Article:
As someone who is totally inept at drawing/3d rendering, what should I be doing to try and build up my portfolio? My strengths mostly lie in the realm of coding, logic and algorithms.

Bizarro Buddha
Feb 11, 2007


berenzen posted:

I have a few questions for you industry veterans from a person trying to get into it:

Aside from C++ and C#, what other languages should I try to learn to increase my hiring prospects as a gameplay coder/designer? I know python, java and html, and the basics of a few other languages, I'm just wondering which ones I should be focusing on.

As someone who is totally inept at drawing/3d rendering, what should I be doing to try and build up my portfolio? My strengths mostly lie in the realm of coding, logic and algorithms.

I can speak to the programming perspective, and leave design to someone else, except to say that how you pitch yourself for either/both of those roles will differ depending on the size of the studio you're trying to get hired at. My experience is only in large studios and the level of specialization there means you'll be better off you would be picking only one of those things to focus on for your resume and interview prep. As a programmer you should be expecting to implement other people's designs, and as a designer you should expect only to make the implementation of a prototype and then hand it off to other people for hardening and expansion.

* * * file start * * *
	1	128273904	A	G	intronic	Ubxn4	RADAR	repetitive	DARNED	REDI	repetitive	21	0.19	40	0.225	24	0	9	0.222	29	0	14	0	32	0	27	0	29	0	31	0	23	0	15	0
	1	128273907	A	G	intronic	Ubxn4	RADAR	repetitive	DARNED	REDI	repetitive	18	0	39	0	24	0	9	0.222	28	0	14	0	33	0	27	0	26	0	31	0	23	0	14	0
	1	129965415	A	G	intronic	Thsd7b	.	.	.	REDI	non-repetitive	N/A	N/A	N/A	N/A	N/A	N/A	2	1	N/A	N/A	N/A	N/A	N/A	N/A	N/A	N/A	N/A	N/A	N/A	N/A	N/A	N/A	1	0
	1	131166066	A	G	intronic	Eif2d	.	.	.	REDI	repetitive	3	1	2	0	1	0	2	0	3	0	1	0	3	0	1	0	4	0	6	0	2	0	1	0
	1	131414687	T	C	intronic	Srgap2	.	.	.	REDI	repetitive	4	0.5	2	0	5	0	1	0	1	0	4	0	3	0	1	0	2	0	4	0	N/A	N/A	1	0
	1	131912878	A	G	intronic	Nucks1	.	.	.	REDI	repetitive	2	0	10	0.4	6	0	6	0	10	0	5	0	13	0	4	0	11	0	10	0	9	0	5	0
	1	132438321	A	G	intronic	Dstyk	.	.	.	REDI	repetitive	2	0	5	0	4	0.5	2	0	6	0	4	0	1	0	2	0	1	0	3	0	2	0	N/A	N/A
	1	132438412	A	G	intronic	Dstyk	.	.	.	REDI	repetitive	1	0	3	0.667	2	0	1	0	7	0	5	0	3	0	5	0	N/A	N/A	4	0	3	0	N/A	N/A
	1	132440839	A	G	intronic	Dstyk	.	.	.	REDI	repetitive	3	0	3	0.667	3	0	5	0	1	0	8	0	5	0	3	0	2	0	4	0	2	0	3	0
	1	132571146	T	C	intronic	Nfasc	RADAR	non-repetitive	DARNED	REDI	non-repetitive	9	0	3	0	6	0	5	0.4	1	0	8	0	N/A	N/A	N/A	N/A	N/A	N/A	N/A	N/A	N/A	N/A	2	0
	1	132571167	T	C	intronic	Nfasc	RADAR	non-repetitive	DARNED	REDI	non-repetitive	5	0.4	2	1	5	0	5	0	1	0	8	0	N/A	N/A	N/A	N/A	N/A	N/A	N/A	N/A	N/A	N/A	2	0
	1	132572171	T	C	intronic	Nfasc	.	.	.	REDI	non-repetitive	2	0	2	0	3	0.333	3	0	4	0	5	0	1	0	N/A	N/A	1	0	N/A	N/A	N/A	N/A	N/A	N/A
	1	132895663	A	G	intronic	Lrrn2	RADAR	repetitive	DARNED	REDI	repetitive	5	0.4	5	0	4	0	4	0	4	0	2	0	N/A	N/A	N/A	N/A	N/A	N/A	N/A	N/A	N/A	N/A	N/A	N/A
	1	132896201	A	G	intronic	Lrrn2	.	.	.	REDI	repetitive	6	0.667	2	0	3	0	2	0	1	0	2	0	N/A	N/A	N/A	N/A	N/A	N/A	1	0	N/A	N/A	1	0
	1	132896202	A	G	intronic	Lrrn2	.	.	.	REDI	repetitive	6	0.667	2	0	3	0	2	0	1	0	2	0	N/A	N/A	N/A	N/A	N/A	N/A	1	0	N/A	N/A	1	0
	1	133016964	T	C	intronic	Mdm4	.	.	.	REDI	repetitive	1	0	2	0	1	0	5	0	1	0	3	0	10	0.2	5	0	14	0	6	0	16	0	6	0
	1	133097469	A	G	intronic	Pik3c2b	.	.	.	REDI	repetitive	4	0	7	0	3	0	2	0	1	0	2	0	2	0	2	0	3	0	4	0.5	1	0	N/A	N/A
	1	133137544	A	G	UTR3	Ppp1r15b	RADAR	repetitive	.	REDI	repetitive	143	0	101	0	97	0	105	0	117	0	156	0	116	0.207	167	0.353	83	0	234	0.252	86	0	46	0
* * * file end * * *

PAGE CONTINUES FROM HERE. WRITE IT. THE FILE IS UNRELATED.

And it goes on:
In most AAA shops, C++ is the only language you would need as a gameplay coder, to work with UE4 or an in-house engine. Smaller studios or AAA-skunkworks stuff might use Unity and therefore C#. Other languages are used in gamedev, but they're likely to be tools (python is used to script Maya, for example) or engine (writing Objective C/Swift for iOS-specific platform layers, for example).

I have personally never sent a portfolio in with a programming application, or looked at one from an applicant when I was doing interviews. That being said, working on one could help you with design applications, or with topics to talk about in interview. I'd recommend downloading UE4 or Unity and putting together a collection of minigames, specifically looking to practice vector math. In any gameplay coding interview, you should expect lots of questions on vectors, transforms and geometry. If you don't know several uses for the dot and cross products in video games, do some reading.